Vocabulary and grammar are necessary for applying a foreign language in daily life. Yet, learning the new words and how to structure them may present many difficulties to students with dyslexia.

Professionals from the University of Michigan recommend taking into account the following levels of vocabulary when teaching a foreign language to dyslexic learners:

  • Level 1 – vocabulary for daily use. These basic words should be repeated on a daily basis using standard conversation templates and should be relevant to the events that students encounter every day.

  • Level 2 – vocabulary from reading. Picking out unknown words from the texts is necessary for educational success. These are high-frequency words that also often have many meanings.

  • Level 3 – specialised vocabulary. These are words from different disciplines and occupations, including business and academic vocabulary. These words should be included in the further stages of learning when you have already grasped and somewhat mastered phonetics.

  • Level 4 – infrequently used vocabulary. Introducing this vocabulary to a learner with dyslexia should be occasional.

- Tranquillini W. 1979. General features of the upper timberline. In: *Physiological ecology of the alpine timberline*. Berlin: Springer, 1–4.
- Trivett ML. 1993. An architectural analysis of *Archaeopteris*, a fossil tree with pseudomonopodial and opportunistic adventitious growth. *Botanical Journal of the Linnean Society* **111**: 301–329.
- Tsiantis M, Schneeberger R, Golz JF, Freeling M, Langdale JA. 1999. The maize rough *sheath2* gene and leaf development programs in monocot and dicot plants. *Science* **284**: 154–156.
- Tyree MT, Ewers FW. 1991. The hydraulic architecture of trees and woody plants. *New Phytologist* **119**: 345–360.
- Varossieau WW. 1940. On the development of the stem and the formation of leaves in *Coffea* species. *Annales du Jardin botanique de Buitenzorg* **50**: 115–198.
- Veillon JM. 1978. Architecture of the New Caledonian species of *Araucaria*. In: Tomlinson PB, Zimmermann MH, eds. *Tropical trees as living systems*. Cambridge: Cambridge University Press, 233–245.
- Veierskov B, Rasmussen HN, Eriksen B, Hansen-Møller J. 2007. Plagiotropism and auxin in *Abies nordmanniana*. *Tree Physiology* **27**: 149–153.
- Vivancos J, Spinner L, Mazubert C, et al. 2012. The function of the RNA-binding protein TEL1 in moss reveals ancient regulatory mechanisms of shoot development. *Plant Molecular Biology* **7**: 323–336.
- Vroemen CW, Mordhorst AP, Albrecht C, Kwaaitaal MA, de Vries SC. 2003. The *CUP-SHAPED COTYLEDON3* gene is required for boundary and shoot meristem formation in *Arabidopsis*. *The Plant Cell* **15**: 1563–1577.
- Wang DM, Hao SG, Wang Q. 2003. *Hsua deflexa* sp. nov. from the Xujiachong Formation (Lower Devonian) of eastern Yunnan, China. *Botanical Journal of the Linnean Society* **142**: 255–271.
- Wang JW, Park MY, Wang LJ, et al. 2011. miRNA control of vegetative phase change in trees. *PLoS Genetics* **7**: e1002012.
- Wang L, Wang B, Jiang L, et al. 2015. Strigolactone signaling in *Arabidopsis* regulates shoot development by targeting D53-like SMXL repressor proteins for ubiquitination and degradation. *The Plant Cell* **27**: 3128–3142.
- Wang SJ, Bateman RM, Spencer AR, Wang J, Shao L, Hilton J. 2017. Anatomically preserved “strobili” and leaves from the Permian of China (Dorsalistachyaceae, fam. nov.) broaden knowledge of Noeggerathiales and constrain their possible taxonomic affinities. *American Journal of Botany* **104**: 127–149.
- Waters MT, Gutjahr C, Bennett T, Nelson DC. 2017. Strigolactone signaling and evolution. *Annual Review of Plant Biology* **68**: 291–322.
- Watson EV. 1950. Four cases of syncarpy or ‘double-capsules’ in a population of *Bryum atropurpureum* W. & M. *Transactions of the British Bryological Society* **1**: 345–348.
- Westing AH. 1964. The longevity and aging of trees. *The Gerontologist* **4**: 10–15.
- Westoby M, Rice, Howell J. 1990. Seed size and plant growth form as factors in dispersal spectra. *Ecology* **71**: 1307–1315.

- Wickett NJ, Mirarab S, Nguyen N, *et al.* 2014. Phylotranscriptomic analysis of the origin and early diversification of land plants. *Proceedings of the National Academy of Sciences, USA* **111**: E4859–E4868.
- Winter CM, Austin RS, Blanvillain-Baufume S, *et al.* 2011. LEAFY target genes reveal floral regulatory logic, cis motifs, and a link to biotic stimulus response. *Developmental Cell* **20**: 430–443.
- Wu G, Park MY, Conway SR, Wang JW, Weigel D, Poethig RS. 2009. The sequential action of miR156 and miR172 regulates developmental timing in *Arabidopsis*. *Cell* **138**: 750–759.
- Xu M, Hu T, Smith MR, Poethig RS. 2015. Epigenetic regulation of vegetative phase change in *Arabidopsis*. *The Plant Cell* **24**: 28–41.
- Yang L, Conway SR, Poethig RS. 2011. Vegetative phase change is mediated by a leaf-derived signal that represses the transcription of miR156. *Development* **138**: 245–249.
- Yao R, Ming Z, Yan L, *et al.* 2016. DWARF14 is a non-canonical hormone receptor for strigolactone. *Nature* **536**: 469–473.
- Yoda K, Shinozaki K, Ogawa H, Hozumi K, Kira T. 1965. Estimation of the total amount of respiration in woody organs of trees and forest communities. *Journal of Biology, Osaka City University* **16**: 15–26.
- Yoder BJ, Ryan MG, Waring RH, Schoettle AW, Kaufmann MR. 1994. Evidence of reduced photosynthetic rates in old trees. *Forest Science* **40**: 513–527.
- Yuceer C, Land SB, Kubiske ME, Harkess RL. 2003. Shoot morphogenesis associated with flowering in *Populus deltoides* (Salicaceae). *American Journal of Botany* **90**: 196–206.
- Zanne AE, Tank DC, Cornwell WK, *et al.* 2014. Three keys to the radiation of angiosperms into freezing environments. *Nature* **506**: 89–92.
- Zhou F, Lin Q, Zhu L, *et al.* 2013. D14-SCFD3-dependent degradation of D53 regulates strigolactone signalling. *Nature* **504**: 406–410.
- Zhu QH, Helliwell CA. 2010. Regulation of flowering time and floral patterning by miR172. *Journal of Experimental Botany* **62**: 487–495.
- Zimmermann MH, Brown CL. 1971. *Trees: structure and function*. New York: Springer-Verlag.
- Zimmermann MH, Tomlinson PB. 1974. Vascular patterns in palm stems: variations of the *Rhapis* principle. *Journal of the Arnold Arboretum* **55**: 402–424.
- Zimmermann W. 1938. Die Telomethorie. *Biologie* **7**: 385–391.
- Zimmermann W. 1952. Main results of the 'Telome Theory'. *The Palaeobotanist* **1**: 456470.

Professionals recommend paying more attention to teaching vocabulary levels 1-3. It is also recommended to teach vocabulary through the “Read, Write, Pronounce, Repeat” method. This triggers multi-sensory activity, helping the brain grasp a new word on different levels.

Grammar is taught with the help of the same method, however, it is recommended to use for example the vocabulary that is already known rather than something different to avoid confusing and frustrating situations.

4. Spelling and Writing: Don’t Punish Errors

With dyslexia and learning a new language, you’re pretty much guaranteed a hard time with spelling, in either oral or in written form. This happens because it’s difficult for the brain to structure the information and store it, the working memory is weaker than most and can only be improved through regular training.

According to the professors from the University of Michigan, learning how to spell starts from phonemic awareness, which should be taught on every level of acquiring a foreign language. Here are some more tips for the teachers to follow regarding spelling and writing:

  • All writing sessions should be properly structured. It’s recommended to give students regular breaks. Sessions should also be cumulative, making sure that all information, received earlier, is fully understood and absorbed.

  • Allow students to divide words into syllables if it’s difficult to spell them. This will help them understand the words at the morphological level.

  • Avoid teaching too many spelling patterns within one lesson. Concentrate on one pattern and work on it until you see that students have fully absorbed the information.